“I always had the two-seamer, always had the four-seamer, but just didn’t use it the right way,” Stephens said. “Now trying to use it in the right scenarios and the right way to make it be successful.
Throwing the four-seamer at a 31.8 percent rate, Stephens has a 50 percent whiff rate and .148 wOBA average when batters are behind in the count and has allowed one hit on the pitch since May 1.
2. A.J. Minter’s changeup
Minter’s arsenal has evolved. He came in exclusively throwing a fastball and cutter, with usage rates of 51.4 percent and 48.6 percent, respectively, during his first season. He’s still heavily reliant on those pitches, which he’s thrown at rates of 47.6 (four-seam) and 36.4 (cutter) this season, but sprinkling in the changeup has been, well, a game-changer for the lefty.
The .063 average he’s yielded on the pitch — which he’s thrown 16 percent of the time — is a career-best, as is the 42.9 percent whiff rate he’s racked up. Minter’s .056 wOBA is the second-best in the league behind the Yankees’ Michael King (.000) and Minter has yet to allow a hard-hit ball on the pitch, making him one of only two pitchers to do so with at least 16 plate appearances ending on the pitch.
“Just keeping the changeup honest on a lot of hitters I feel like helped me a lot,” Minter said. “I feel like a lot of people just sit cutter off of me (but) I feel like my changeup now is one of my best pitches,” he said. “I almost feel more comfortable throwing that as a strikeout pitch than anything. It’s kind of weird, because I’ve come a long way with it.”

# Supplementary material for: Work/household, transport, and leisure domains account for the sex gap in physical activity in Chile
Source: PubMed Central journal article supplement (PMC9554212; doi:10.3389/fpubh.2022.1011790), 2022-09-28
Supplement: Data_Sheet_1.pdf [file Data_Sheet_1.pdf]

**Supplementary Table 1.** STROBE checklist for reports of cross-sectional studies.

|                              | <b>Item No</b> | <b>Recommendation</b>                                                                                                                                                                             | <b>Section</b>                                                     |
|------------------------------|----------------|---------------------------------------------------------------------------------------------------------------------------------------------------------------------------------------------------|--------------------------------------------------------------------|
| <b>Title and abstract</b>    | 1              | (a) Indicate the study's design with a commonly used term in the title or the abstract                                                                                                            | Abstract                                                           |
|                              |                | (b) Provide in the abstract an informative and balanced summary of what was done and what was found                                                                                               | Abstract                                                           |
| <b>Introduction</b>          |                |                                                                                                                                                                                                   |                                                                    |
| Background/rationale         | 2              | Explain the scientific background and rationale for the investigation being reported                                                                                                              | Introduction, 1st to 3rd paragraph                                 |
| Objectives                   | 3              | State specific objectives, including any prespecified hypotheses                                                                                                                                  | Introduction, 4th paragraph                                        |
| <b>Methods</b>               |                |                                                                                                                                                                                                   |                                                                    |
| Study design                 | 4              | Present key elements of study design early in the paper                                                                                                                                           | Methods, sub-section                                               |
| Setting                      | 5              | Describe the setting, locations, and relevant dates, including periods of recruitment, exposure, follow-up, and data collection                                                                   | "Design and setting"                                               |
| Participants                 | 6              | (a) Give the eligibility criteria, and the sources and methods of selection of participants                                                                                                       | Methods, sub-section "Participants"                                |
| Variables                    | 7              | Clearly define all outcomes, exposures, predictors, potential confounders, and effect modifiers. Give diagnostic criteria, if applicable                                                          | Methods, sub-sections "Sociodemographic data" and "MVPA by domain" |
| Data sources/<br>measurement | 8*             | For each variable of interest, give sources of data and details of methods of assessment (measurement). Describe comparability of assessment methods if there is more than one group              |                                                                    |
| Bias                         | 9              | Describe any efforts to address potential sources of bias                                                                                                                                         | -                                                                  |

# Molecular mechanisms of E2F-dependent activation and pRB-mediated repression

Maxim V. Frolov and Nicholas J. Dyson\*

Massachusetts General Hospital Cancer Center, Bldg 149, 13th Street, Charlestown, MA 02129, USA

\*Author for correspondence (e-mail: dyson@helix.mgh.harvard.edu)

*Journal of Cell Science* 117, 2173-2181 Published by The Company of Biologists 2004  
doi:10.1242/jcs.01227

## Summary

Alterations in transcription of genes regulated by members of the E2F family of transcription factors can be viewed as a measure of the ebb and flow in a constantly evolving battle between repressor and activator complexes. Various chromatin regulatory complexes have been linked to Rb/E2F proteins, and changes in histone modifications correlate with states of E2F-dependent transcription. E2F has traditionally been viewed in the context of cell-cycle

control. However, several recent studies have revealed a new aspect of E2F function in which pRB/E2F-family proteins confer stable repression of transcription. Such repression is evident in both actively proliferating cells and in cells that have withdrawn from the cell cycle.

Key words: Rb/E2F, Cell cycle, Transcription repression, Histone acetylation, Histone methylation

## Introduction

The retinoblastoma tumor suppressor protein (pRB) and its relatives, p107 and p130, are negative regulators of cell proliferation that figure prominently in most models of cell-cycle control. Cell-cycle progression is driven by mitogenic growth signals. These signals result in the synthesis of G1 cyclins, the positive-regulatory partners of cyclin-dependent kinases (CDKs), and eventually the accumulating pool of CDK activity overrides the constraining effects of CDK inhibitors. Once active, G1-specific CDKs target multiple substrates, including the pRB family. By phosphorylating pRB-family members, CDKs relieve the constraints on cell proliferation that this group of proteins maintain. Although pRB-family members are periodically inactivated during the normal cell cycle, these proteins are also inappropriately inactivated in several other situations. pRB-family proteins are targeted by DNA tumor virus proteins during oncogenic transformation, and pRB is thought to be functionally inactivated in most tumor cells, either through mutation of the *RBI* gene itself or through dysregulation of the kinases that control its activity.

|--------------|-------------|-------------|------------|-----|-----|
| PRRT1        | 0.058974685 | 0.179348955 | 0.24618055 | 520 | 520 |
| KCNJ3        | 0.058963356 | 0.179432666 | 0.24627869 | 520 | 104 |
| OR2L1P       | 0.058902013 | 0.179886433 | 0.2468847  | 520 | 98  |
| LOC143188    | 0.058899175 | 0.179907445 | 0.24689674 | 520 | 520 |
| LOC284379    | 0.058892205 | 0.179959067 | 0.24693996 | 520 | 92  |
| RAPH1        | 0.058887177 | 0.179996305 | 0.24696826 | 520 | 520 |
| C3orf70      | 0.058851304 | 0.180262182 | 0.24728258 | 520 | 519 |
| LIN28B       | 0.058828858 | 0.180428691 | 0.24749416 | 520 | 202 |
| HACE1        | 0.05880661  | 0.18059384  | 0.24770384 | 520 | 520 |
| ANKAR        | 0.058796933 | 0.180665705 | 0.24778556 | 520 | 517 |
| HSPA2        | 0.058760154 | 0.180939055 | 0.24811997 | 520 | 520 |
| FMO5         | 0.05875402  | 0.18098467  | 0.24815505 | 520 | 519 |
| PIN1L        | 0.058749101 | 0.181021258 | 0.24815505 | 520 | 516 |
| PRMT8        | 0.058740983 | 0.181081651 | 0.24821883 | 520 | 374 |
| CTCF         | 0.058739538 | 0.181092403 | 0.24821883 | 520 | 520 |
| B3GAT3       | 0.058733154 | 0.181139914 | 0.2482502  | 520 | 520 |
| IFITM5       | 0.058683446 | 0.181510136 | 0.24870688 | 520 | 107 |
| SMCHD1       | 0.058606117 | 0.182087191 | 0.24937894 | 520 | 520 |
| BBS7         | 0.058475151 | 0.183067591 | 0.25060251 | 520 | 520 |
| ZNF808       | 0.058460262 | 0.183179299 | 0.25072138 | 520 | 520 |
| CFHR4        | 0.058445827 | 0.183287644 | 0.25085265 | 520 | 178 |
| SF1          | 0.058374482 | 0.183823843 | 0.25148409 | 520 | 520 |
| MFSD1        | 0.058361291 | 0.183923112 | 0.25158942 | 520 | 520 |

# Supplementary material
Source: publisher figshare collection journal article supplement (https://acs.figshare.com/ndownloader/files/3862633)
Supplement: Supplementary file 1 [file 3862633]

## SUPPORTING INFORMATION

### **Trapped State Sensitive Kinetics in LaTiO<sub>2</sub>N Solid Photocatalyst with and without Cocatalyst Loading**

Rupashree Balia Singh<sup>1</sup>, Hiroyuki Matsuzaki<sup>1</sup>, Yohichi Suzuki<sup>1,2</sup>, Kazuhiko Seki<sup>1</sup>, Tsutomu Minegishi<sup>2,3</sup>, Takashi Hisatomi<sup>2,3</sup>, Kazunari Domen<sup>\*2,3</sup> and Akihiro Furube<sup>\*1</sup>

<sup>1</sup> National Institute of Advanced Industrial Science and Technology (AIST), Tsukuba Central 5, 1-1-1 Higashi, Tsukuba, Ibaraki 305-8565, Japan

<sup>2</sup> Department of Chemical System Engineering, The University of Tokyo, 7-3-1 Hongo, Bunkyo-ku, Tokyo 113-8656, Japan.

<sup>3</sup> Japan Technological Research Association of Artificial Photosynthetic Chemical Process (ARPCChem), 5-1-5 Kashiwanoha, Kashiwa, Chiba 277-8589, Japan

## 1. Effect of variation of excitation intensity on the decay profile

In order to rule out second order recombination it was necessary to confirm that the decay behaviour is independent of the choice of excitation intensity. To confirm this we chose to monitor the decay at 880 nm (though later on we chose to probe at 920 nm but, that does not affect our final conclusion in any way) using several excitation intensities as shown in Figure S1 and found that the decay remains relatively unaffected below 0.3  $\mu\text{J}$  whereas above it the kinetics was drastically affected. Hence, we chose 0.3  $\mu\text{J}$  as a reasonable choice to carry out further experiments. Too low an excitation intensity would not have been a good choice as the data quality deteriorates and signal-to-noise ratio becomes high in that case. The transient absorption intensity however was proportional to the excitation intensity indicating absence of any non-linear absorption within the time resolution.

How does anyone get a hit against Spencer Strider?@PeterMoylan breaks down the difference in Strider’s fastball and slider … even though @TwoSportman thinks he’d have a chance pic.twitter.com/girD2TgAxW
— Bally Sports South (@BallySportsSO) May 26, 2022
3. Spencer Strider’s slider
When Strider got to Double-A last season, he realized the triple-digit fastball alone wasn’t enough. He started developing the slider, and the results that came in the minors are translating to the bigs, where he’s throwing the pitch 24.1 percent of the time with a .174 average against and a 50 percent whiff rate.
That whiff rate is sixth among all sliders in a group led by the Brewers’ Corbin Burnes at 54.7 percent.
“I was able to develop my offspeed a lot more to get better reads on the fastball so the offspeed was playing more accurately,” Strider said. “Closer to how it’s played at this level. Pretty much everything I worked on at Double-A, which was my biggest adjustment period, has stuck here.”
Since he was tagged for a home run on a slider on April 2 by the Yankees’ Anthony Rizzo — the only homer Strider has allowed — he’s retired 22 of 30 batters on PAs ending on the pitch, including 14 strikeouts.
This Kyle Wright curveball pic.twitter.com/0hj9sSpt29
— Bally Sports: Braves (@BravesOnBally) May 4, 2022
4. Kyle Wright’s curveball
This is the pitch that has made Wright look every bit the top-five pick that the Braves took him with in 2017 and catapulted him to the 11th best ERA (2.39) among all qualified batters.